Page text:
Thermal analysis and measurements of spiral inductors using built-in and IR sensors by M. Kałuża*, M. Felczak, and B. Więcek * Institute of Electronics, Lodz University of Technology, Poland, email@example.com
AP5GM Pb Free Plating Product Advanced Power N AND P-CHANNEL ENHANCEMENT Electronics Corp. MODE POWER MOSFET Simple Drive Requirement N-CH BV DSS 35V Low On-resistance D D D R DS(ON) 5mΩ D D D D D Fast
EMC / EMI issues for DSM: new challenges A. Boyer, S. Ben Dhia, A. C. Ndoye INSA Toulouse Université de Toulouse / LATTIS, France www.ic-emc.org Long Term Reliability in DSM, 3rd October, 2008 www.ic-emc.org
N-CHANNEL 550V @ Tjmax - 0.20Ω - 20ATO-247 MDmesh MOSFET TYPE V DSS (@Tjmax) R DS(on) I D STW20NM50 550V < 0.25Ω 20 A TYPICAL R DS (on) = 0.20Ω HIGH dv/dt AND AVALANCHE CAPABILITIES 100% AVALANCHE TESTED
Application Note AN-940 How P-Channel MOSFETs Can Simplify Your Circuit Table of Contents Page 1. Basic Characteristics of P-Channel HEXFET Power MOSFETs...1 2. Grounded Loads...1 3. Totem Pole Switching
W04 Transistors and Applications W04 Transistors and Applications ELK 2018 - Contents W01 Basic Concepts in Electronics W02 AC to DC Conversion W03 Analysis of DC Circuits (self and condenser) W04 Transistors
International Journal of Engineering and Technical Research (IJETR) ISSN: 2321-0869, Volume-2, Issue-2, February 2014 Simulation and analysis of Bulk Driven Circuits for Low Power Applications Trupti B.
The Diode The diode is a two terminal semiconductor device that allows current to flow in only one direction. It is constructed of a P and an N junction connected together. Diode Operation No current flows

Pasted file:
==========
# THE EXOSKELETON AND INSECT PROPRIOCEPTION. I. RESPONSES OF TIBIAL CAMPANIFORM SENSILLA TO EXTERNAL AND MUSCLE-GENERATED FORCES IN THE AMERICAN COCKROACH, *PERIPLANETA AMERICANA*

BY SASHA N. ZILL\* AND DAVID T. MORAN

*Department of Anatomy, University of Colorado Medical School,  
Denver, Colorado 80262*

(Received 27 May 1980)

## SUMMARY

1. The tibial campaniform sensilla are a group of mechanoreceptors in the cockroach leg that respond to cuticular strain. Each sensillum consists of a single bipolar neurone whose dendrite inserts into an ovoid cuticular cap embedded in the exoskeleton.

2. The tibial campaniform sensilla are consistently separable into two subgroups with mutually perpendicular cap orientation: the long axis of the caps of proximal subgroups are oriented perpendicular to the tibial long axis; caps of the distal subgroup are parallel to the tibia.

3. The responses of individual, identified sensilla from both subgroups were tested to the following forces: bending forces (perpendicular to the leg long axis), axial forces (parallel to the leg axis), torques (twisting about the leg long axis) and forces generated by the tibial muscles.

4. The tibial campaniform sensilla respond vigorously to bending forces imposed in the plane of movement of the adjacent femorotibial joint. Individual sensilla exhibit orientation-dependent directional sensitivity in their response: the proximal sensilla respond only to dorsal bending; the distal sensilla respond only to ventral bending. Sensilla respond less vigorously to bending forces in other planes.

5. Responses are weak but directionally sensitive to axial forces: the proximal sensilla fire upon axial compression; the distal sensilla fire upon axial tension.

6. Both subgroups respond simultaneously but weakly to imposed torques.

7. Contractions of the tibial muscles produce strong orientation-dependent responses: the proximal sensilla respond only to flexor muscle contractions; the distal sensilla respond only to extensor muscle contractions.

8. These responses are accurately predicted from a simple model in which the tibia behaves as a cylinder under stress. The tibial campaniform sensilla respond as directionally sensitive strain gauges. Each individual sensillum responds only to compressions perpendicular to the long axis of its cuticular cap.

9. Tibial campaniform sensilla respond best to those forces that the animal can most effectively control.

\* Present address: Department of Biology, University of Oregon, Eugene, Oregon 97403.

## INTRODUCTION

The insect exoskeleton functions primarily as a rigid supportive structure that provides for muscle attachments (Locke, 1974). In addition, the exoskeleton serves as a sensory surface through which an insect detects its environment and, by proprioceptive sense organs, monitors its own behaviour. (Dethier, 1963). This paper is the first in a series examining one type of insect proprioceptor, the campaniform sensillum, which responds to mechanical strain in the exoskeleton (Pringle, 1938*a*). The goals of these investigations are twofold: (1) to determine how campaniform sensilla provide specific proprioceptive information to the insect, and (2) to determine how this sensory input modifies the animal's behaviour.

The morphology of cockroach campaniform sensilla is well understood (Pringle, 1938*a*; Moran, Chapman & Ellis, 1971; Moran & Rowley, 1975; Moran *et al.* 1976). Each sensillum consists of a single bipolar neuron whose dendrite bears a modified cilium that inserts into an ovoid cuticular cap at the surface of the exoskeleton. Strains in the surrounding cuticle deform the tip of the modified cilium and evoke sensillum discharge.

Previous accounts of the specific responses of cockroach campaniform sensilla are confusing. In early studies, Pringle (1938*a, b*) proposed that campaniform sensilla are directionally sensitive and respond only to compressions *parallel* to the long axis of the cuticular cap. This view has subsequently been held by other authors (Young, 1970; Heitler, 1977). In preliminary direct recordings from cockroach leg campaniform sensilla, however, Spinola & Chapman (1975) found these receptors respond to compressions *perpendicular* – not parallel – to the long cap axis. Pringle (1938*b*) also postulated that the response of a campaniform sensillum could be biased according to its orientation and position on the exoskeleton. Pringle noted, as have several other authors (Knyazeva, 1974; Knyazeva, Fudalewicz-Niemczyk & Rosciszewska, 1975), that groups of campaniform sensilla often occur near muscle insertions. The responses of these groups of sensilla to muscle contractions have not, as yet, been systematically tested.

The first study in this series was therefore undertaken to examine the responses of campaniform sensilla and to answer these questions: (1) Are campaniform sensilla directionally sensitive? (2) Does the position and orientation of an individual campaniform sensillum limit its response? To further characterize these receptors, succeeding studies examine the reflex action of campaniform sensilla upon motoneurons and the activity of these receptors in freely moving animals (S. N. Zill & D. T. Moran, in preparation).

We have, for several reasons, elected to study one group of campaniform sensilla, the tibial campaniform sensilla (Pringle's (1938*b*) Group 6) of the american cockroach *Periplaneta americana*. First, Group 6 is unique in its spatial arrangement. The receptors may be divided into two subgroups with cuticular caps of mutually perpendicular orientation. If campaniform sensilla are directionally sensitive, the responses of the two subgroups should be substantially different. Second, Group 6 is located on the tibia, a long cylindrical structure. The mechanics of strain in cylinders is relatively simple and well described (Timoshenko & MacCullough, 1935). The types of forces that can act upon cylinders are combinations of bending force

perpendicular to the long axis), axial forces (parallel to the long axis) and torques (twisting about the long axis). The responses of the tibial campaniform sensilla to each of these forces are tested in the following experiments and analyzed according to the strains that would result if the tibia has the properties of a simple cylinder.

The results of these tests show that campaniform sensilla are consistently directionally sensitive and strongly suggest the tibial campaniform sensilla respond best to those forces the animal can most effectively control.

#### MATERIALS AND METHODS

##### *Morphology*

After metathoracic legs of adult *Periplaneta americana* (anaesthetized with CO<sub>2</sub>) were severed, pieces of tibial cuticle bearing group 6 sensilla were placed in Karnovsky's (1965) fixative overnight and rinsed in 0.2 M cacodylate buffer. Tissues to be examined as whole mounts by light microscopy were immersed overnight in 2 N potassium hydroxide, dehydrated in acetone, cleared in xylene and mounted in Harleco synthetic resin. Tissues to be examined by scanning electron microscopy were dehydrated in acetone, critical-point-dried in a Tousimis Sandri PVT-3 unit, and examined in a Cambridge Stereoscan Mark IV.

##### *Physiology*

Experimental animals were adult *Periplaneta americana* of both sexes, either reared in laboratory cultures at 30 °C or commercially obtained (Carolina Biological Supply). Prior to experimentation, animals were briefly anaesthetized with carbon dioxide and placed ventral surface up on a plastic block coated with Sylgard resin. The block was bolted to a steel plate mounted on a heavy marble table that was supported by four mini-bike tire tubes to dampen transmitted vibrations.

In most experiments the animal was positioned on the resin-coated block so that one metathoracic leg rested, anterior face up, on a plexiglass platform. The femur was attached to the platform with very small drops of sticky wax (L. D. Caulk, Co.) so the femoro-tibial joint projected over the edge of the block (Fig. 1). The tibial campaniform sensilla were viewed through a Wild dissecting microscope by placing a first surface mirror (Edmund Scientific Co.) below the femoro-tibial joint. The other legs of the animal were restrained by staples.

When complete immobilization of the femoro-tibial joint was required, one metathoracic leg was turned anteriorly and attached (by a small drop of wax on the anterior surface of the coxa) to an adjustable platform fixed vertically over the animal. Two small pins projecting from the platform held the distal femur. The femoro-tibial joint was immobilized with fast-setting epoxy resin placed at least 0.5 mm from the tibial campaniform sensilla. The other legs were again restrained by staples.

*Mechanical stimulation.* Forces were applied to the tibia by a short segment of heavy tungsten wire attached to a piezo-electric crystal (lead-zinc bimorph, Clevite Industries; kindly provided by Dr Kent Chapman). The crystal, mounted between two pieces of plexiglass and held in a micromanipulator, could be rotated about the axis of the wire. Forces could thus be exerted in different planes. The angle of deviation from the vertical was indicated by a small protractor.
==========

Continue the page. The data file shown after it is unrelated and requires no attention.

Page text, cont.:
DESIGN, FABRICATION AND ELETRICAL CHARACTERIZATION OF SOI FINFET TRANSISTORS Prof. Dr. João Antonio Martino Professor Titular Departamento de Engenharia de Sistemas Eletrônicos Escola Politécnica da Universidade
Chapter 5 5.6 Doped GaAs Consider the GaAs crystal at 300 K. a. Calculate the intrinsic conductivity and resistivity. Second Edition ( 2001 McGraw-Hill) b. In a sample containing only 10 15 cm -3 ionized
Graduate Theses and Dissertations Graduate College 2009 A low voltage rail-to-rail operational amplifier with constant operation and improved process robustness Rien Lerone Beal Iowa State University Follow
ISTITUTO NAZIONALE DI FISICA NUCLEARE Sezione di Trieste INFN/TC-2/7 1 aprile 22 A novel scheme for the integrated voltage divider of Silicon Drift Detectors P. Burger 1, C. Piemonte 2, A. Rashevsky 3,
École Polytechnique Fédérale de Lausanne Politecnico di Torino Institut National Polytechnique de Grenoble Master s degree in Micro and Nano Technologies for Integrated Systems Master s Thesis A/D Converter
VCO Phase noise Characterizing Phase Noise The term phase noise is widely used for describing short term random frequency fluctuations of a signal. Frequency stability is a measure of the degree to which
Current-Controlled Slew-Rate Adjustable Trapezoidal Waveform Generators for Low- and High-Voltage Applications Mariusz Jankowski, and Andrzej Napieralski, Senior Member, IEEE Abstract An approach to design
Basic Properties of a Digital Design These help quantify the quality of a design from different perspectives: Cost Functionality Robustness Performance Energy consumption Which of these criteria is important
International Journal of Electronics and Computer Science Engineering 1482 Available Online at www.ijecse.org ISSN- 2277-1956 Behavioral Analysis of Different ALU Architectures G.V.V.S.R.Krishna Assistant
Optimization for SEU/SET Immunity on 0.15 mm Fully Depleted CMOS/SOI Digital Logic Devices A. Makihara H. Asai Y. Tsuchiya Y. Amano M. Midorikawa H. Shindou S. Kuboyama S. Onoda T. Hirao Y. Nakajima Y.